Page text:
1. Apprentices or trainees. The first payroll on which any apprentice or trainee appears must be accompanied by a copy of that apprentice’s or trainee’s registration in a registered or approved program. A copy of the portions of the registered or approved program pertaining to the wage rates and ratios shall also accompany the first payroll on which the first apprentice or trainee appears.
      2. Split classifications. For an employee that worked in a split classification, make a separate entry for each classification of work performed distributing the hours of work to each classification, accordingly, and reflecting the rate of pay and gross earnings for each classification. Deductions and net pay may be based upon the total gross amount earned for all classifications.
    4. Hours worked. The payroll should show ONLY the regular and overtime hours worked on this project. Show both the daily and total weekly hours for each employee. If an employee performs work at job sites other than the project for which the payroll is prepared, those “other job” hours should not be reported on the payroll. In these cases, you should list the employee’s name, classification, hours for this project only, the rate of pay and gross earnings for this project, and the gross earned for all projects. Deductions and net pay may be based upon the employee’s total earnings (for all projects) for the week.
    5. Rate of pay. Show the basic hourly rate of pay for each employee for this project. If the wage decision includes a fringe benefit and you do not participate in approved fringe benefit programs, add the fringe benefit rate to the basic hourly rate of pay. Also list the overtime rate if overtime hours were worked.
      1. Piece-work. For any piece-work employees, the employer must compute an effective hourly rate for each employee each week based upon the employee’s piece-work earnings for that week. To compute the effective hourly rate, divide the piece-work earnings by the total number of hours worked, including consideration for any overtime hours.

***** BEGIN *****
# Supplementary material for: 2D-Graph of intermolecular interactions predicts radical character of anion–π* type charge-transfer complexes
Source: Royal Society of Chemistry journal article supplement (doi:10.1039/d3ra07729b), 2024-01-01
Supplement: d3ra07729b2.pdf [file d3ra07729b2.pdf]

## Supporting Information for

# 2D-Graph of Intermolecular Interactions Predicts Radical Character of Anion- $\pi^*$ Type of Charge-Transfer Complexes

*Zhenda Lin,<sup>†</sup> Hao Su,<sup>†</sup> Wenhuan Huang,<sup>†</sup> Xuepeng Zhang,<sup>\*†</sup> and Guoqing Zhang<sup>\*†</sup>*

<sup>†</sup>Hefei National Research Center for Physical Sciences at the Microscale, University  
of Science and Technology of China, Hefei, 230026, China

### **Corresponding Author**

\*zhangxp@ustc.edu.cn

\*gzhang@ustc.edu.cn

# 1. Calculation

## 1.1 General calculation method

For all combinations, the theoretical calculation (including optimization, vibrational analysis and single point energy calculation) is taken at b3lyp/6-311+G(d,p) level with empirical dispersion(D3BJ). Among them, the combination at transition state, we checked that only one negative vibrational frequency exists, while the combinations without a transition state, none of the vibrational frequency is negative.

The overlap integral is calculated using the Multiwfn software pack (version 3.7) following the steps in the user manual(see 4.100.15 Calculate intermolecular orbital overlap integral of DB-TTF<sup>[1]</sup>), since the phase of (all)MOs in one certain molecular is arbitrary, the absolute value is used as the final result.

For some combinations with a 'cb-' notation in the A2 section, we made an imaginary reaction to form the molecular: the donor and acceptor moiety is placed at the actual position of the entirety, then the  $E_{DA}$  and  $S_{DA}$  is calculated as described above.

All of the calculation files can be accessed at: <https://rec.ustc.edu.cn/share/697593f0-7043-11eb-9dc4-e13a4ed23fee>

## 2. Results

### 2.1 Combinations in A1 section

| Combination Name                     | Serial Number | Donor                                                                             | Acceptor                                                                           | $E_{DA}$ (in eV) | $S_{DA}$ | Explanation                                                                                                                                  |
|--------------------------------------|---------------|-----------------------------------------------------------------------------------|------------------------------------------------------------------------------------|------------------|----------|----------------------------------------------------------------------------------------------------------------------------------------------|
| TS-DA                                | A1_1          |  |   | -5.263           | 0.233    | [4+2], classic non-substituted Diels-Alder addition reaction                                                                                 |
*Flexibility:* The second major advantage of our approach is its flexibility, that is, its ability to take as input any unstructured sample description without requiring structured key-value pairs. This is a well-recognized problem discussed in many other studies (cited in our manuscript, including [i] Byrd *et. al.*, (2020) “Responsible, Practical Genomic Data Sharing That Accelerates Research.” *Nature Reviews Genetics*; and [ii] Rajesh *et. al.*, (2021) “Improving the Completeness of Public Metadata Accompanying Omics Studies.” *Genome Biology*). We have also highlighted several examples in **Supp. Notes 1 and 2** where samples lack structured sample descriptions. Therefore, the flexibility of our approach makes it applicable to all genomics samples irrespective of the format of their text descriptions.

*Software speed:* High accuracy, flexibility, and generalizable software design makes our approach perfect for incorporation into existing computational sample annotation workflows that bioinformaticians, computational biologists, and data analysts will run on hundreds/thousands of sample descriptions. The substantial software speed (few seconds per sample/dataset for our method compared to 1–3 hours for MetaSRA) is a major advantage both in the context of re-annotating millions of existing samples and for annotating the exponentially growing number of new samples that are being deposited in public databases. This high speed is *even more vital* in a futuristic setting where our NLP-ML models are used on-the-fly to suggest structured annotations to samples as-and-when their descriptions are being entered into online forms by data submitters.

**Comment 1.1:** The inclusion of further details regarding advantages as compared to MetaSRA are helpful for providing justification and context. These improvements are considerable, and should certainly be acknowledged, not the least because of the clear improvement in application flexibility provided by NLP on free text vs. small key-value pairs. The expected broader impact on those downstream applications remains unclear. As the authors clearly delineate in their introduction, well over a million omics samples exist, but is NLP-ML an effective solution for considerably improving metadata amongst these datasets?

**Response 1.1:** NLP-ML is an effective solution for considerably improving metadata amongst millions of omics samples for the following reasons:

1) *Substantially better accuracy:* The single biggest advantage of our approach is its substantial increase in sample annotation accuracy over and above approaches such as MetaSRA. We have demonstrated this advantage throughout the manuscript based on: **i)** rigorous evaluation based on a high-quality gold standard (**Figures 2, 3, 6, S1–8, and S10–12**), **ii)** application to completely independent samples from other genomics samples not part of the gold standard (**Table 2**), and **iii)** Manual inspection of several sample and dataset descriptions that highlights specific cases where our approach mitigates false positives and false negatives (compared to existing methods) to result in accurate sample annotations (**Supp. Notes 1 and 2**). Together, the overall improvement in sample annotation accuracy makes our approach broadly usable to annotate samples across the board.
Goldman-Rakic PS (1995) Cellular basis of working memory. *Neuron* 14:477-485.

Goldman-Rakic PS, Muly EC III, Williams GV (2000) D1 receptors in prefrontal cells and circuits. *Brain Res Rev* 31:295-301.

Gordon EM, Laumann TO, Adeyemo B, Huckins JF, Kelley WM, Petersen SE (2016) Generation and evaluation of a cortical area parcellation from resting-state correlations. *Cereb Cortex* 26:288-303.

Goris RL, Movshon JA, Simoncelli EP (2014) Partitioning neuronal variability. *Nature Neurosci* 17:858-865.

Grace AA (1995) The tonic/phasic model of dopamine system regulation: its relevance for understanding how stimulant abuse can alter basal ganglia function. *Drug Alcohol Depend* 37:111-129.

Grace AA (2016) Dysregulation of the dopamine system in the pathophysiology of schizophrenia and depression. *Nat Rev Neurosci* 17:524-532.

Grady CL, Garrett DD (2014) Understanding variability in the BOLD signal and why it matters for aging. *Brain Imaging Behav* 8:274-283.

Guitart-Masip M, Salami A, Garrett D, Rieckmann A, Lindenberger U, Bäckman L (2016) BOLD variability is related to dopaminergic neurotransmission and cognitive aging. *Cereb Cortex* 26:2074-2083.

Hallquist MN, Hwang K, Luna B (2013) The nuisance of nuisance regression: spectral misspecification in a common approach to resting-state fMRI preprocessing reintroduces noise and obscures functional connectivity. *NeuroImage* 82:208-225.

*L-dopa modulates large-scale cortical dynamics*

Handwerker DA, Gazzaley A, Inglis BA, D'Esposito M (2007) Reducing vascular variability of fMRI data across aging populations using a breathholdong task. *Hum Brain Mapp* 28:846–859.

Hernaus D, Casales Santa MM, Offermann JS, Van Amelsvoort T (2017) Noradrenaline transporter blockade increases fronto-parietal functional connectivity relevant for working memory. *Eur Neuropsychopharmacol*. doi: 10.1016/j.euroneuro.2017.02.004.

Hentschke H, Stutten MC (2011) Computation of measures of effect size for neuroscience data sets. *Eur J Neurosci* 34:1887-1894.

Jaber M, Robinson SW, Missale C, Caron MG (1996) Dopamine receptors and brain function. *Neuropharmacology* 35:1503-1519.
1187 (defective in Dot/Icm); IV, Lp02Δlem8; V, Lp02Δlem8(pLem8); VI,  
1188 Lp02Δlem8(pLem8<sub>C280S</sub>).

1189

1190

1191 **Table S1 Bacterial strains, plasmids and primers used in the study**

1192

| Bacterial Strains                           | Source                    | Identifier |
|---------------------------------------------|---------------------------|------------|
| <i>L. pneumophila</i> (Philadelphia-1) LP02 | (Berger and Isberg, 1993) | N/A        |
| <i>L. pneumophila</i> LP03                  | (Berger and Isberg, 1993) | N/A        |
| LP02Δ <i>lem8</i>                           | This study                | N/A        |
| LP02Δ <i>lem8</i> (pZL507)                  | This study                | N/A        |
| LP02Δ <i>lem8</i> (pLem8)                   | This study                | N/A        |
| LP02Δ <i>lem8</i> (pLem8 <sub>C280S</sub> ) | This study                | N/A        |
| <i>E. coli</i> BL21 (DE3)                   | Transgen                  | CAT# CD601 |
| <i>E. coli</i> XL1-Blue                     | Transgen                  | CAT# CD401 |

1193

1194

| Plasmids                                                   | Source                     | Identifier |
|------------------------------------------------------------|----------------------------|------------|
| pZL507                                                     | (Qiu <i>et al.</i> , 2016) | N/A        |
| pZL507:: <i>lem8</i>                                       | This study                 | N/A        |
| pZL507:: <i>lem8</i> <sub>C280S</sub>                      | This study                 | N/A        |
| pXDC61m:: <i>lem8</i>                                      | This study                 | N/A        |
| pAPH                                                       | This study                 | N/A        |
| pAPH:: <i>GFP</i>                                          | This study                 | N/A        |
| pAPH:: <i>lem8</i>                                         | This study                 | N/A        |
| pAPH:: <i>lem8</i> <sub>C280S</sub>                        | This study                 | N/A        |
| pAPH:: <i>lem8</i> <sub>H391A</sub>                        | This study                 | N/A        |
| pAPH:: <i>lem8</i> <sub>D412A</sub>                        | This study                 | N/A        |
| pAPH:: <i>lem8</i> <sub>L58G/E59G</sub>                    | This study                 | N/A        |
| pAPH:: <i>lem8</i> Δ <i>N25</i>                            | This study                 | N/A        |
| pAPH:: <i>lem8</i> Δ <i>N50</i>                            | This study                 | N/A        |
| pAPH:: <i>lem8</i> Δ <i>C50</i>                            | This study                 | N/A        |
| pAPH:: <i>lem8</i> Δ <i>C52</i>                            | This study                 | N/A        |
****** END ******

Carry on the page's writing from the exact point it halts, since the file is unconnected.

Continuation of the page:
The effective hourly rate must be reflected on the certified payroll and this hourly rate may be no less than the wage rate (including fringe benefits, if any) on the wage decision for the classification of work performed. It does not matter that the effective hourly rate changes from week-to-week, only that the rate is no less than the rate on the wage decision for the classification of work performed.


      Remember, the overtime rate is computed at one and one-half times the basic rate of pay plus any fringe benefits. For example, if the wage decision requires $10/hour basic plus $5/hour fringe benefits, the overtime rate would be: ($10 x 1 ½) + $5 = $20/hour.
    6. Gross wages earned. Show the gross amount of wages earned for work performed on this project. Note: For employees with work hours and earnings on other projects, you may show gross wages for this project over gross earnings all projects (for example, $425.40/$764.85) and base deductions and net pay on the “all projects” earnings.
    7. Deductions. Show the amounts of any deductions from the gross earnings. “Other” deductions should be identified (for example, Savings Account or Loan Repayment). Any voluntary deduction (that is, not required by law or by an order of a proper authority) must be authorized in writing by the employee or provided for in a collective bargaining (union) agreement. Ashort note signed by the employee is all that is needed and should accompany the first payroll on which the other deduction appears.

      Only one employee authorization is needed for recurring (e.g., weekly) other deductions. Written employee authorization is not required for income tax and Social Security deductions.
    8. Net pay. Show the net amount of wages paid.
    9. Statement of compliance. The Statement of Compliance is the certification. It is located on the reverse side of a standard payroll form (WH-347). Be sure to complete the identifying information at the top, particularly if you are attaching the Statement of Compliance to an alternate payroll form such as a computer payroll. Also, you must check either 4(a) or 4(b) if the wage decision contains a fringe benefit. Checking 4(a) indicates that you are paying required fringe benefits to approved plans or programs; and 4(b) indicates that you are paying any required fringe benefit amounts directly to the employee by adding the fringe benefit rate to the basic hourly rate of pay. If you are paying a portion of the required fringe benefit to programs and the balance directly to the employee, explain those differences in box 4(c).

      Only one Statement of Compliance is required for each employer’s weekly payroll no matter how many pages are needed to report the employee data.